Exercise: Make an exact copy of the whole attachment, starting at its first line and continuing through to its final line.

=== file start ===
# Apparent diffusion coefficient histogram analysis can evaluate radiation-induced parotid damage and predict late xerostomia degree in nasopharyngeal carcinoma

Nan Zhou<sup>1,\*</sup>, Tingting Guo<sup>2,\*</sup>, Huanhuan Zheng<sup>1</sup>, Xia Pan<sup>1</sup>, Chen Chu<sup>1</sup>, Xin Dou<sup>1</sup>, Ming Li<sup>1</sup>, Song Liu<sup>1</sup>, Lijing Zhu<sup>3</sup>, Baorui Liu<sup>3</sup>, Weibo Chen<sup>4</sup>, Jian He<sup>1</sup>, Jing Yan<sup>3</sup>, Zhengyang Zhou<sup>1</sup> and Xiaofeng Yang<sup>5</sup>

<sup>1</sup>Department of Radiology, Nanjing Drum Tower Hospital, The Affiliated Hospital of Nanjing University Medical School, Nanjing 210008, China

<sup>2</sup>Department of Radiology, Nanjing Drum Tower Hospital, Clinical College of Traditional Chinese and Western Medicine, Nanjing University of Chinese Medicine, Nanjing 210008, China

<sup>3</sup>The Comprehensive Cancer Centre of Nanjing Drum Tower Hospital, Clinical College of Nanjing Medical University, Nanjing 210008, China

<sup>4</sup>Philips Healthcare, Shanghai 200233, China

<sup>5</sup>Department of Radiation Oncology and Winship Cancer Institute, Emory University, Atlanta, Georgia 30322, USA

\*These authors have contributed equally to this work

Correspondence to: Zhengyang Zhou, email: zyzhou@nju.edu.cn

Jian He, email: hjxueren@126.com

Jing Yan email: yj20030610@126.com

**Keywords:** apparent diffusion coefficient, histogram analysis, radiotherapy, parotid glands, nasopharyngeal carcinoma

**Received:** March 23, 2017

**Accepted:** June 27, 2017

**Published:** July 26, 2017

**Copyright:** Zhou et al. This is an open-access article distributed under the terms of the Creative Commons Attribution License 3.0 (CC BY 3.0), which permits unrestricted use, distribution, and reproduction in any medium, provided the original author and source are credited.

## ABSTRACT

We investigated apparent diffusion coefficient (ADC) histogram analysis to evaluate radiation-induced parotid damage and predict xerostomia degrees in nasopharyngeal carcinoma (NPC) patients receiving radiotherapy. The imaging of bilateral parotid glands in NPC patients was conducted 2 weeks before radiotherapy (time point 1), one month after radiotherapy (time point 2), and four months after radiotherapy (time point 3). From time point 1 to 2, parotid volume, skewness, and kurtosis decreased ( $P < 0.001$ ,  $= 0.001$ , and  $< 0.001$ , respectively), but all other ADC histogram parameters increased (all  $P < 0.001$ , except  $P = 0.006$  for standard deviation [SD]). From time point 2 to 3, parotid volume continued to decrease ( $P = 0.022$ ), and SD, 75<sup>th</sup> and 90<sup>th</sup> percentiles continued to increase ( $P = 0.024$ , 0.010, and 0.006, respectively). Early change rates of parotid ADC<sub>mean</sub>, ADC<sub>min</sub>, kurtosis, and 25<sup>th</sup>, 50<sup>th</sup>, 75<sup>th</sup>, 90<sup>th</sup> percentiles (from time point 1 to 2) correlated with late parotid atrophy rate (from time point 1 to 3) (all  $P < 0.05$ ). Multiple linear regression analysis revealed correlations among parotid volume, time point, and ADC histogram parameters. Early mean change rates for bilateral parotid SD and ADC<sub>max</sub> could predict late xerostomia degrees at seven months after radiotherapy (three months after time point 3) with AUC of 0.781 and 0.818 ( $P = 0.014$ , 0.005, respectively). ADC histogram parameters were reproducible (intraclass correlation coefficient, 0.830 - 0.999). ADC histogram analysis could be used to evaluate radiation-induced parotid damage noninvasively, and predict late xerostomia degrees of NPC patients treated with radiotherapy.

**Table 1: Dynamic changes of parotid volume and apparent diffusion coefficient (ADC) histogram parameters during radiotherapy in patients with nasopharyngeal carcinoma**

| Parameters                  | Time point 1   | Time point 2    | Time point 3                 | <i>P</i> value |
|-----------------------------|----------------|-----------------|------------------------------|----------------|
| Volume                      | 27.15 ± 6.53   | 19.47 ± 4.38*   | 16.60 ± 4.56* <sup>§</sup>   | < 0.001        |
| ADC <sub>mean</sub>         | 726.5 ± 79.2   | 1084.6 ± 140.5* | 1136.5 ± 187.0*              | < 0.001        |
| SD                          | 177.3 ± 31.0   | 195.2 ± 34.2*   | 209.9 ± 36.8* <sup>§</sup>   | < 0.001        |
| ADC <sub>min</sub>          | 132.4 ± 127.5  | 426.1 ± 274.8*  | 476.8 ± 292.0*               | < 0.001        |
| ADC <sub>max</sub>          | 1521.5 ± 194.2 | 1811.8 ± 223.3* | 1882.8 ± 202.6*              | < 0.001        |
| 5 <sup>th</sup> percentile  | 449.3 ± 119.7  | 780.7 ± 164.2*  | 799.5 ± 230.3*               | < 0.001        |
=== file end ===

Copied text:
# Apparent diffusion coefficient histogram analysis can evaluate radiation-induced parotid damage and predict late xerostomia degree in nasopharyngeal carcinoma

Nan Zhou<sup>1,\*</sup>, Tingting Guo<sup>2,\*</sup>, Huanhuan Zheng<sup>1</sup>, Xia Pan<sup>1</sup>, Chen Chu<sup>1</sup>, Xin Dou<sup>1</sup>, Ming Li<sup>1</sup>, Song Liu<sup>1</sup>, Lijing Zhu<sup>3</sup>, Baorui Liu<sup>3</sup>, Weibo Chen<sup>4</sup>, Jian He<sup>1</sup>, Jing Yan<sup>3</sup>, Zhengyang Zhou<sup>1</sup> and Xiaofeng Yang<sup>5</sup>

<sup>1</sup>Department of Radiology, Nanjing Drum Tower Hospital, The Affiliated Hospital of Nanjing University Medical School, Nanjing 210008, China

<sup>2</sup>Department of Radiology, Nanjing Drum Tower Hospital, Clinical College of Traditional Chinese and Western Medicine, Nanjing University of Chinese Medicine, Nanjing 210008, China

<sup>3</sup>The Comprehensive Cancer Centre of Nanjing Drum Tower Hospital, Clinical College of Nanjing Medical University, Nanjing 210008, China

<sup>4</sup>Philips Healthcare, Shanghai 200233, China

<sup>5</sup>Department of Radiation Oncology and Winship Cancer Institute, Emory University, Atlanta, Georgia 30322, USA

\*These authors have contributed equally to this work

Correspondence to: Zhengyang Zhou, email: zyzhou@nju.edu.cn

Jian He, email: hjxueren@126.com

Jing Yan email: yj20030610@126.com

**Keywords:** apparent diffusion coefficient, histogram analysis, radiotherapy, parotid glands, nasopharyngeal carcinoma

**Received:** March 23, 2017

**Accepted:** June 27, 2017

**Published:** July 26, 2017

**Copyright:** Zhou et al. This is an open-access article distributed under the terms of the Creative Commons Attribution License 3.0 (CC BY 3.0), which permits unrestricted use, distribution, and reproduction in any medium, provided the original author and source are credited.

## ABSTRACT

We investigated apparent diffusion coefficient (ADC) histogram analysis to evaluate radiation-induced parotid damage and predict xerostomia degrees in nasopharyngeal carcinoma (NPC) patients receiving radiotherapy. The imaging of bilateral parotid glands in NPC patients was conducted 2 weeks before radiotherapy (time point 1), one month after radiotherapy (time point 2), and four months after radiotherapy (time point 3). From time point 1 to 2, parotid volume, skewness, and kurtosis decreased ( $P < 0.001$ ,  $= 0.001$ , and  $< 0.001$ , respectively), but all other ADC histogram parameters increased (all  $P < 0.001$ , except  $P = 0.006$  for standard deviation [SD]). From time point 2 to 3, parotid volume continued to decrease ( $P = 0.022$ ), and SD, 75<sup>th</sup> and 90<sup>th</sup> percentiles continued to increase ( $P = 0.024$ , 0.010, and 0.006, respectively). Early change rates of parotid ADC<sub>mean</sub>, ADC<sub>min</sub>, kurtosis, and 25<sup>th</sup>, 50<sup>th</sup>, 75<sup>th</sup>, 90<sup>th</sup> percentiles (from time point 1 to 2) correlated with late parotid atrophy rate (from time point 1 to 3) (all  $P < 0.05$ ). Multiple linear regression analysis revealed correlations among parotid volume, time point, and ADC histogram parameters. Early mean change rates for bilateral parotid SD and ADC<sub>max</sub> could predict late xerostomia degrees at seven months after radiotherapy (three months after time point 3) with AUC of 0.781 and 0.818 ( $P = 0.014$ , 0.005, respectively). ADC histogram parameters were reproducible (intraclass correlation coefficient, 0.830 - 0.999). ADC histogram analysis could be used to evaluate radiation-induced parotid damage noninvasively, and predict late xerostomia degrees of NPC patients treated with radiotherapy.

**Table 1: Dynamic changes of parotid volume and apparent diffusion coefficient (ADC) histogram parameters during radiotherapy in patients with nasopharyngeal carcinoma**

| Parameters                  | Time point 1   | Time point 2    | Time point 3                 | <i>P</i> value |
|-----------------------------|----------------|-----------------|------------------------------|----------------|
| Volume                      | 27.15 ± 6.53   | 19.47 ± 4.38*   | 16.60 ± 4.56* <sup>§</sup>   | < 0.001        |
| ADC <sub>mean</sub>         | 726.5 ± 79.2   | 1084.6 ± 140.5* | 1136.5 ± 187.0*              | < 0.001        |
| SD                          | 177.3 ± 31.0   | 195.2 ± 34.2*   | 209.9 ± 36.8* <sup>§</sup>   | < 0.001        |
| ADC <sub>min</sub>          | 132.4 ± 127.5  | 426.1 ± 274.8*  | 476.8 ± 292.0*               | < 0.001        |
| ADC <sub>max</sub>          | 1521.5 ± 194.2 | 1811.8 ± 223.3* | 1882.8 ± 202.6*              | < 0.001        |
| 5 <sup>th</sup> percentile  | 449.3 ± 119.7  | 780.7 ± 164.2*  | 799.5 ± 230.3*               | < 0.001        |